Album Review | RootBeat Records | Review by Marc Higgins | Stars: 4/5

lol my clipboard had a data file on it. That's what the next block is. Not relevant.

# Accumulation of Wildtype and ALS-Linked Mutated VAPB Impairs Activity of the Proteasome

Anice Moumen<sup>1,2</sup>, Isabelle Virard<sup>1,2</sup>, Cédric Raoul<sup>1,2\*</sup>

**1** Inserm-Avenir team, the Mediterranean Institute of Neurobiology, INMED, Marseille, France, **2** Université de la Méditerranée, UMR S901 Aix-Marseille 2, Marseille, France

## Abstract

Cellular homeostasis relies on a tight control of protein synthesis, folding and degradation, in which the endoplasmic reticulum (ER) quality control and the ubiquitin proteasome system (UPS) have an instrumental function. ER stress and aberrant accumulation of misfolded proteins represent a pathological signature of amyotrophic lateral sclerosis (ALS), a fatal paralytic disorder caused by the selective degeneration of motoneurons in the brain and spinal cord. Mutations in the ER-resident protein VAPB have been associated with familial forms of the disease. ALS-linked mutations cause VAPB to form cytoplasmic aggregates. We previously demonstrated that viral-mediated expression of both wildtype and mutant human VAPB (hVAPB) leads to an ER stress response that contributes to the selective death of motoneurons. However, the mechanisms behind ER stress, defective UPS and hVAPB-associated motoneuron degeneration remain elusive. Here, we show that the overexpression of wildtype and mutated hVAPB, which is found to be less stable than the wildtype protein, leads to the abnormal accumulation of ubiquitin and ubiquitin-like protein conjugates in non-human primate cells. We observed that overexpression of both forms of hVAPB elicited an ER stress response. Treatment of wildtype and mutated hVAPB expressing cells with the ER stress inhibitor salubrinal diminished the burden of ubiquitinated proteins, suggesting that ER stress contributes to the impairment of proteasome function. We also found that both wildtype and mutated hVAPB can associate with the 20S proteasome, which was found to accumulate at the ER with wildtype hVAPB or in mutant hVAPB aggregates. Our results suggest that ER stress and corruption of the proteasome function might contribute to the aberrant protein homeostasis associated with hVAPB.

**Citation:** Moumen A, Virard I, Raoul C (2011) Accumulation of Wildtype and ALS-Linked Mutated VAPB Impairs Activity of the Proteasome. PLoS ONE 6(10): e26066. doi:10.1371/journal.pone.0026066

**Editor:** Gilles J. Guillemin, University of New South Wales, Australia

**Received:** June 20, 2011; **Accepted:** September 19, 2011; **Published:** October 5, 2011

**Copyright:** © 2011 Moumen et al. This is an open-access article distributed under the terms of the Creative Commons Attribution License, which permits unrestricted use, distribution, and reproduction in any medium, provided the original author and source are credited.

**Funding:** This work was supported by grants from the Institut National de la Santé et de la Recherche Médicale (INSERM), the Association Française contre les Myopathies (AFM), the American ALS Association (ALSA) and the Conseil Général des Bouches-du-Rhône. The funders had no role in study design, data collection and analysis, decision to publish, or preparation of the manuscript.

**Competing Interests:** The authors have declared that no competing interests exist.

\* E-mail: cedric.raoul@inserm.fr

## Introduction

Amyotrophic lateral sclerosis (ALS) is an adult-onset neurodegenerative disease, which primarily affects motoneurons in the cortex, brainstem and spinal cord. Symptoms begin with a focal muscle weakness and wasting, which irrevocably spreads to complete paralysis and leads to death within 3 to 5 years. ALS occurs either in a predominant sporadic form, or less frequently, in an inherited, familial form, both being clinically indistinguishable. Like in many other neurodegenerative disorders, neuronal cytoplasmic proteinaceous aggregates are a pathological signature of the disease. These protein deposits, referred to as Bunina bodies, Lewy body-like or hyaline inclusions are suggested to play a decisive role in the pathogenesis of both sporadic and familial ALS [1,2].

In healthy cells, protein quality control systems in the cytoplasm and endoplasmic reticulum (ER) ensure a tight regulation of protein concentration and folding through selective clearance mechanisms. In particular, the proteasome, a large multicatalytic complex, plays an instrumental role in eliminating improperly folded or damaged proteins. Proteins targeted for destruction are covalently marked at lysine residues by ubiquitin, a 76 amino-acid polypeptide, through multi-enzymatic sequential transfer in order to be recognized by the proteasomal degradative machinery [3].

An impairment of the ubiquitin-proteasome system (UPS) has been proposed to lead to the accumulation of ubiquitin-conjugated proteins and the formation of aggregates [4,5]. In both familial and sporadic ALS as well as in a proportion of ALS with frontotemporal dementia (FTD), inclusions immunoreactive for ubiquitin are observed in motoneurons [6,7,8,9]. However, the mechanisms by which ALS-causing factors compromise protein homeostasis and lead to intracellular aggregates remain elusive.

Bright Field is the third album from The Rheingans, musicians, composers and folk music scholars. Anna is a Toulouse based musician and violin teacher. Rowan balances this duo with the Lady Maisery trio and has appeared on three notable releases in the last two years, including the Songs of Separation project which won BBC Radio Two’s Folk Award for best album of 2017. Bright Field’s music is atmospheric, twining voices and violins with beating drums. “Bright Field” crackles with pastoral energy as wooden instruments and human voices connect to the landscape. From Kathleen Neeley’s evocative woodcut imagery on the sleeve, to the woodland photos inside, the power of nature revealed in “Green Unstopping” and the masterpiece that is “This Forest” a sense of the power of the natural runs through. Dylan Fowler’s recording gives the individual instruments space so you hear air and resonance. This is not a multi-tracked, textured album, but an exercise in delicate fragility where every nuance is heard and treasured. The beautiful vocals and soaring strings on “Edge of the Field” are quietly revealing, an exercise in measured passion. Every note in Three Springs the closing instrumental chimes and sings. “Dark Nights/Swinghorn” illustrates the sisters’ belief that lightness and darkness exist at the same time, intertwined. There is dark beauty and light beauty. The first tune is unsettling with a degree of dissonance and the second by comparison uplifting as the sunlight returns. “Bright Field” is an exercise in minimalism, the duetting violins slowly build tension till it released by Dafydd Davies-Hughes reading RS Thomas’ poem. That same beautiful gradual release comes into play on Lo Segoner where instruments joined by spiralling heavenly voices. Balanced and interlinked beauty and moments of darkness, this is an emotional and uplifting album. Given room to breathe, the music of The Rheingans Sisters just soars.